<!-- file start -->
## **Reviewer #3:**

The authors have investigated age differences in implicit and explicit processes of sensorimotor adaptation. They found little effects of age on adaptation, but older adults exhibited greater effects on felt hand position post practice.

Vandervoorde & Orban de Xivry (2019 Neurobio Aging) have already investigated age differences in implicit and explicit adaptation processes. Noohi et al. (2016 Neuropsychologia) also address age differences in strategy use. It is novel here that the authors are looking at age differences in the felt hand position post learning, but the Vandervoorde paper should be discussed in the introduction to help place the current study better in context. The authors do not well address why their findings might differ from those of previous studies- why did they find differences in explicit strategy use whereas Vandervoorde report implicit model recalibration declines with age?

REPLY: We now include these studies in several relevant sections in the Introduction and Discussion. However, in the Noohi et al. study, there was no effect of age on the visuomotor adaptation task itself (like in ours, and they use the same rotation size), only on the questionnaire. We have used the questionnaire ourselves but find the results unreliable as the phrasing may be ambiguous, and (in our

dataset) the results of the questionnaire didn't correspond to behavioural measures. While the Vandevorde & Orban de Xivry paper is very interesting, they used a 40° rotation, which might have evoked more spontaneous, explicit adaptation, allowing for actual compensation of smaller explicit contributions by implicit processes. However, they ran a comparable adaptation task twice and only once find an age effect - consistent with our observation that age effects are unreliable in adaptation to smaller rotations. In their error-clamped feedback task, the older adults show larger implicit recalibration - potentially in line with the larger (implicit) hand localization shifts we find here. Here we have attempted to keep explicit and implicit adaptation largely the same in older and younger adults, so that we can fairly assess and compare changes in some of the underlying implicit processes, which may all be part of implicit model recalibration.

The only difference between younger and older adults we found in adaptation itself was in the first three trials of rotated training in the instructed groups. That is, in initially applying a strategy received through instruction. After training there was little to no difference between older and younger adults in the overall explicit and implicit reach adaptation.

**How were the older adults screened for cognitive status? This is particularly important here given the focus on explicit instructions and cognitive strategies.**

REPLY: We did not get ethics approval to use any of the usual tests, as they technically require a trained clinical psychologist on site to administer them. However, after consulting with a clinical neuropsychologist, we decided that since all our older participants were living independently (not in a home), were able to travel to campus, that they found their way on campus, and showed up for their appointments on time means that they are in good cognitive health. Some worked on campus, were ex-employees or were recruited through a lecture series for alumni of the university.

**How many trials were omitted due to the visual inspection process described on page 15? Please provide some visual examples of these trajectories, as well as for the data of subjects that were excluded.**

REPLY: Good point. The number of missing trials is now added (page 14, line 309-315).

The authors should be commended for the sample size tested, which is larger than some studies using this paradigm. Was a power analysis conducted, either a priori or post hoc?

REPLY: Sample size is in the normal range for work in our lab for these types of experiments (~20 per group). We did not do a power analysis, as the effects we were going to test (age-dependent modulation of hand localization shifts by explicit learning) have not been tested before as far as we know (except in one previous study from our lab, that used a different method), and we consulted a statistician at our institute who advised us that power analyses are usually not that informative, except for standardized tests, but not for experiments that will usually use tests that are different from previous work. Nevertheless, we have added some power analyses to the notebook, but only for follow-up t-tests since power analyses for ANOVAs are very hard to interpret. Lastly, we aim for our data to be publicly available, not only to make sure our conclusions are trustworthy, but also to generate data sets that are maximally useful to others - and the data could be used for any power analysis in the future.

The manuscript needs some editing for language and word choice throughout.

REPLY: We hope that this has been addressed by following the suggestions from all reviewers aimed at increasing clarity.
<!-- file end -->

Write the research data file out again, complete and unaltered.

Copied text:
## **Reviewer #3:**

The authors have investigated age differences in implicit and explicit processes of sensorimotor adaptation. They found little effects of age on adaptation, but older adults exhibited greater effects on felt hand position post practice.

Vandervoorde & Orban de Xivry (2019 Neurobio Aging) have already investigated age differences in implicit and explicit adaptation processes. Noohi et al. (2016 Neuropsychologia) also address age differences in strategy use. It is novel here that the authors are looking at age differences in the felt hand position post learning, but the Vandervoorde paper should be discussed in the introduction to help place the current study better in context. The authors do not well address why their findings might differ from those of previous studies- why did they find differences in explicit strategy use whereas Vandervoorde report implicit model recalibration declines with age?

REPLY: We now include these studies in several relevant sections in the Introduction and Discussion. However, in the Noohi et al. study, there was no effect of age on the visuomotor adaptation task itself (like in ours, and they use the same rotation size), only on the questionnaire. We have used the questionnaire ourselves but find the results unreliable as the phrasing may be ambiguous, and (in our

dataset) the results of the questionnaire didn't correspond to behavioural measures. While the Vandevorde & Orban de Xivry paper is very interesting, they used a 40° rotation, which might have evoked more spontaneous, explicit adaptation, allowing for actual compensation of smaller explicit contributions by implicit processes. However, they ran a comparable adaptation task twice and only once find an age effect - consistent with our observation that age effects are unreliable in adaptation to smaller rotations. In their error-clamped feedback task, the older adults show larger implicit recalibration - potentially in line with the larger (implicit) hand localization shifts we find here. Here we have attempted to keep explicit and implicit adaptation largely the same in older and younger adults, so that we can fairly assess and compare changes in some of the underlying implicit processes, which may all be part of implicit model recalibration.

The only difference between younger and older adults we found in adaptation itself was in the first three trials of rotated training in the instructed groups. That is, in initially applying a strategy received through instruction. After training there was little to no difference between older and younger adults in the overall explicit and implicit reach adaptation.

**How were the older adults screened for cognitive status? This is particularly important here given the focus on explicit instructions and cognitive strategies.**

REPLY: We did not get ethics approval to use any of the usual tests, as they technically require a trained clinical psychologist on site to administer them. However, after consulting with a clinical neuropsychologist, we decided that since all our older participants were living independently (not in a home), were able to travel to campus, that they found their way on campus, and showed up for their appointments on time means that they are in good cognitive health. Some worked on campus, were ex-employees or were recruited through a lecture series for alumni of the university.

**How many trials were omitted due to the visual inspection process described on page 15? Please provide some visual examples of these trajectories, as well as for the data of subjects that were excluded.**

REPLY: Good point. The number of missing trials is now added (page 14, line 309-315).

The authors should be commended for the sample size tested, which is larger than some studies using this paradigm. Was a power analysis conducted, either a priori or post hoc?

REPLY: Sample size is in the normal range for work in our lab for these types of experiments (~20 per group). We did not do a power analysis, as the effects we were going to test (age-dependent modulation of hand localization shifts by explicit learning) have not been tested before as far as we know (except in one previous study from our lab, that used a different method), and we consulted a statistician at our institute who advised us that power analyses are usually not that informative, except for standardized tests, but not for experiments that will usually use tests that are different from previous work. Nevertheless, we have added some power analyses to the notebook, but only for follow-up t-tests since power analyses for ANOVAs are very hard to interpret. Lastly, we aim for our data to be publicly available, not only to make sure our conclusions are trustworthy, but also to generate data sets that are maximally useful to others - and the data could be used for any power analysis in the future.

The manuscript needs some editing for language and word choice throughout.

REPLY: We hope that this has been addressed by following the suggestions from all reviewers aimed at increasing clarity.